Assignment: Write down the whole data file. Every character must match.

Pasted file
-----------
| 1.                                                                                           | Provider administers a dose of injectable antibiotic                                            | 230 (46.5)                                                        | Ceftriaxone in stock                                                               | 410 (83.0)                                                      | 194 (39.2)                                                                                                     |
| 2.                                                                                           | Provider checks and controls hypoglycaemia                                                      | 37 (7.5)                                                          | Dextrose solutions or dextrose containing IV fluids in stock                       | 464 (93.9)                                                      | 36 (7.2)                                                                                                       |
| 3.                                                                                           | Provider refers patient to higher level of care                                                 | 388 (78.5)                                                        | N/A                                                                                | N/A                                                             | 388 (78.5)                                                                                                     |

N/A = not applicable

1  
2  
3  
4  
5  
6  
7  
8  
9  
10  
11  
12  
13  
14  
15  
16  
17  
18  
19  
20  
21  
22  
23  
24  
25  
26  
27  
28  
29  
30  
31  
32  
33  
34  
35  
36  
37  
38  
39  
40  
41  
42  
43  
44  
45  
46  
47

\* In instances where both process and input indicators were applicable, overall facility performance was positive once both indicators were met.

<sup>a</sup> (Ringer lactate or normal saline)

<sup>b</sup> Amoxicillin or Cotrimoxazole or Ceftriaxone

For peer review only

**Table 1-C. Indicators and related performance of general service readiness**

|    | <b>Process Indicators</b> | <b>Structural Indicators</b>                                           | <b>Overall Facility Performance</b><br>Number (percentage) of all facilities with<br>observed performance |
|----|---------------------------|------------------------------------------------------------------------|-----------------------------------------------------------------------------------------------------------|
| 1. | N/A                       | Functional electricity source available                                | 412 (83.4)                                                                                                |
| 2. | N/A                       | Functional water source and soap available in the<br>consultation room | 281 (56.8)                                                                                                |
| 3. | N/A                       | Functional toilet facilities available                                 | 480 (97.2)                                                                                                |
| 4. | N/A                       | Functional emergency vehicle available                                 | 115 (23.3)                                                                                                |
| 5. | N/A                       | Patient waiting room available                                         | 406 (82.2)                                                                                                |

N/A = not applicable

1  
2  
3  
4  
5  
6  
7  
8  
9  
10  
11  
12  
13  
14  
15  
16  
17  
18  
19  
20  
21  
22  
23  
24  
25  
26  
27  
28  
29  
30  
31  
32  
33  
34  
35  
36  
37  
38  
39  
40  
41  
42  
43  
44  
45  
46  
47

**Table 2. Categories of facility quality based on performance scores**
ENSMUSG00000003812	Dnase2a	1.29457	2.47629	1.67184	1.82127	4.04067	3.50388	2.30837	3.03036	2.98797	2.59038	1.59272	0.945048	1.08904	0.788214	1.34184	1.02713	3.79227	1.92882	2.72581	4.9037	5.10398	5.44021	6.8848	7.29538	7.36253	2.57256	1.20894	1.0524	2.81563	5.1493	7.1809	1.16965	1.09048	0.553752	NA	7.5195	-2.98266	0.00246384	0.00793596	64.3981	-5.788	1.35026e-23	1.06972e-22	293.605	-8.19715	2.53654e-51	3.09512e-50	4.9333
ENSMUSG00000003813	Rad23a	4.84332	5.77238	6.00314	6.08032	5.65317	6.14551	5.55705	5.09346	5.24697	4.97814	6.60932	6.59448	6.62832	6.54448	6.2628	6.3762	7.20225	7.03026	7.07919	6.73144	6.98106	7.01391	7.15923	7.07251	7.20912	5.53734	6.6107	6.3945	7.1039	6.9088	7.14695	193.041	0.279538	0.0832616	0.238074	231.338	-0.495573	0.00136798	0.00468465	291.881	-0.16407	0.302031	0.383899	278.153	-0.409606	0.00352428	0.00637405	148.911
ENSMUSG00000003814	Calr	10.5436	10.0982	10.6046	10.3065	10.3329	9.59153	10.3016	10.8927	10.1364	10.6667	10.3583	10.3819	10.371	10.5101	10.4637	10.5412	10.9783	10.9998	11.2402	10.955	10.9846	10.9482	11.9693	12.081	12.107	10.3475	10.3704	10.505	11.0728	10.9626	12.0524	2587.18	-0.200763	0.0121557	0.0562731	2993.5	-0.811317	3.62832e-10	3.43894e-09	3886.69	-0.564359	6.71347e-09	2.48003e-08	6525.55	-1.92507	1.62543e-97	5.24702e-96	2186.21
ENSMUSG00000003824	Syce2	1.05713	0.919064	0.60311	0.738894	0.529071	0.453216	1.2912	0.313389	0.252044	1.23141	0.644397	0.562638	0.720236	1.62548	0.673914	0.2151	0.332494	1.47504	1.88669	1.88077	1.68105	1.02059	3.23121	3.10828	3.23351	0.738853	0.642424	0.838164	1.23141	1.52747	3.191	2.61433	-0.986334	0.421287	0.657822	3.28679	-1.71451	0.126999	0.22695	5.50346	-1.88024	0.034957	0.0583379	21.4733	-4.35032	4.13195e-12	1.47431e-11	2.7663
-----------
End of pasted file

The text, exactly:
| 1.                                                                                           | Provider administers a dose of injectable antibiotic                                            | 230 (46.5)                                                        | Ceftriaxone in stock                                                               | 410 (83.0)                                                      | 194 (39.2)                                                                                                     |
| 2.                                                                                           | Provider checks and controls hypoglycaemia                                                      | 37 (7.5)                                                          | Dextrose solutions or dextrose containing IV fluids in stock                       | 464 (93.9)                                                      | 36 (7.2)                                                                                                       |
| 3.                                                                                           | Provider refers patient to higher level of care                                                 | 388 (78.5)                                                        | N/A                                                                                | N/A                                                             | 388 (78.5)                                                                                                     |

N/A = not applicable

1  
2  
3  
4  
5  
6  
7  
8  
9  
10  
11  
12  
13  
14  
15  
16  
17  
18  
19  
20  
21  
22  
23  
24  
25  
26  
27  
28  
29  
30  
31  
32  
33  
34  
35  
36  
37  
38  
39  
40  
41  
42  
43  
44  
45  
46  
47

\* In instances where both process and input indicators were applicable, overall facility performance was positive once both indicators were met.

<sup>a</sup> (Ringer lactate or normal saline)

<sup>b</sup> Amoxicillin or Cotrimoxazole or Ceftriaxone

For peer review only

**Table 1-C. Indicators and related performance of general service readiness**

|    | <b>Process Indicators</b> | <b>Structural Indicators</b>                                           | <b>Overall Facility Performance</b><br>Number (percentage) of all facilities with<br>observed performance |
|----|---------------------------|------------------------------------------------------------------------|-----------------------------------------------------------------------------------------------------------|
| 1. | N/A                       | Functional electricity source available                                | 412 (83.4)                                                                                                |
| 2. | N/A                       | Functional water source and soap available in the<br>consultation room | 281 (56.8)                                                                                                |
| 3. | N/A                       | Functional toilet facilities available                                 | 480 (97.2)                                                                                                |
| 4. | N/A                       | Functional emergency vehicle available                                 | 115 (23.3)                                                                                                |
| 5. | N/A                       | Patient waiting room available                                         | 406 (82.2)                                                                                                |

N/A = not applicable

1  
2  
3  
4  
5  
6  
7  
8  
9  
10  
11  
12  
13  
14  
15  
16  
17  
18  
19  
20  
21  
22  
23  
24  
25  
26  
27  
28  
29  
30  
31  
32  
33  
34  
35  
36  
37  
38  
39  
40  
41  
42  
43  
44  
45  
46  
47

**Table 2. Categories of facility quality based on performance scores**
ENSMUSG00000003812	Dnase2a	1.29457	2.47629	1.67184	1.82127	4.04067	3.50388	2.30837	3.03036	2.98797	2.59038	1.59272	0.945048	1.08904	0.788214	1.34184	1.02713	3.79227	1.92882	2.72581	4.9037	5.10398	5.44021	6.8848	7.29538	7.36253	2.57256	1.20894	1.0524	2.81563	5.1493	7.1809	1.16965	1.09048	0.553752	NA	7.5195	-2.98266	0.00246384	0.00793596	64.3981	-5.788	1.35026e-23	1.06972e-22	293.605	-8.19715	2.53654e-51	3.09512e-50	4.9333
ENSMUSG00000003813	Rad23a	4.84332	5.77238	6.00314	6.08032	5.65317	6.14551	5.55705	5.09346	5.24697	4.97814	6.60932	6.59448	6.62832	6.54448	6.2628	6.3762	7.20225	7.03026	7.07919	6.73144	6.98106	7.01391	7.15923	7.07251	7.20912	5.53734	6.6107	6.3945	7.1039	6.9088	7.14695	193.041	0.279538	0.0832616	0.238074	231.338	-0.495573	0.00136798	0.00468465	291.881	-0.16407	0.302031	0.383899	278.153	-0.409606	0.00352428	0.00637405	148.911
ENSMUSG00000003814	Calr	10.5436	10.0982	10.6046	10.3065	10.3329	9.59153	10.3016	10.8927	10.1364	10.6667	10.3583	10.3819	10.371	10.5101	10.4637	10.5412	10.9783	10.9998	11.2402	10.955	10.9846	10.9482	11.9693	12.081	12.107	10.3475	10.3704	10.505	11.0728	10.9626	12.0524	2587.18	-0.200763	0.0121557	0.0562731	2993.5	-0.811317	3.62832e-10	3.43894e-09	3886.69	-0.564359	6.71347e-09	2.48003e-08	6525.55	-1.92507	1.62543e-97	5.24702e-96	2186.21
ENSMUSG00000003824	Syce2	1.05713	0.919064	0.60311	0.738894	0.529071	0.453216	1.2912	0.313389	0.252044	1.23141	0.644397	0.562638	0.720236	1.62548	0.673914	0.2151	0.332494	1.47504	1.88669	1.88077	1.68105	1.02059	3.23121	3.10828	3.23351	0.738853	0.642424	0.838164	1.23141	1.52747	3.191	2.61433	-0.986334	0.421287	0.657822	3.28679	-1.71451	0.126999	0.22695	5.50346	-1.88024	0.034957	0.0583379	21.4733	-4.35032	4.13195e-12	1.47431e-11	2.7663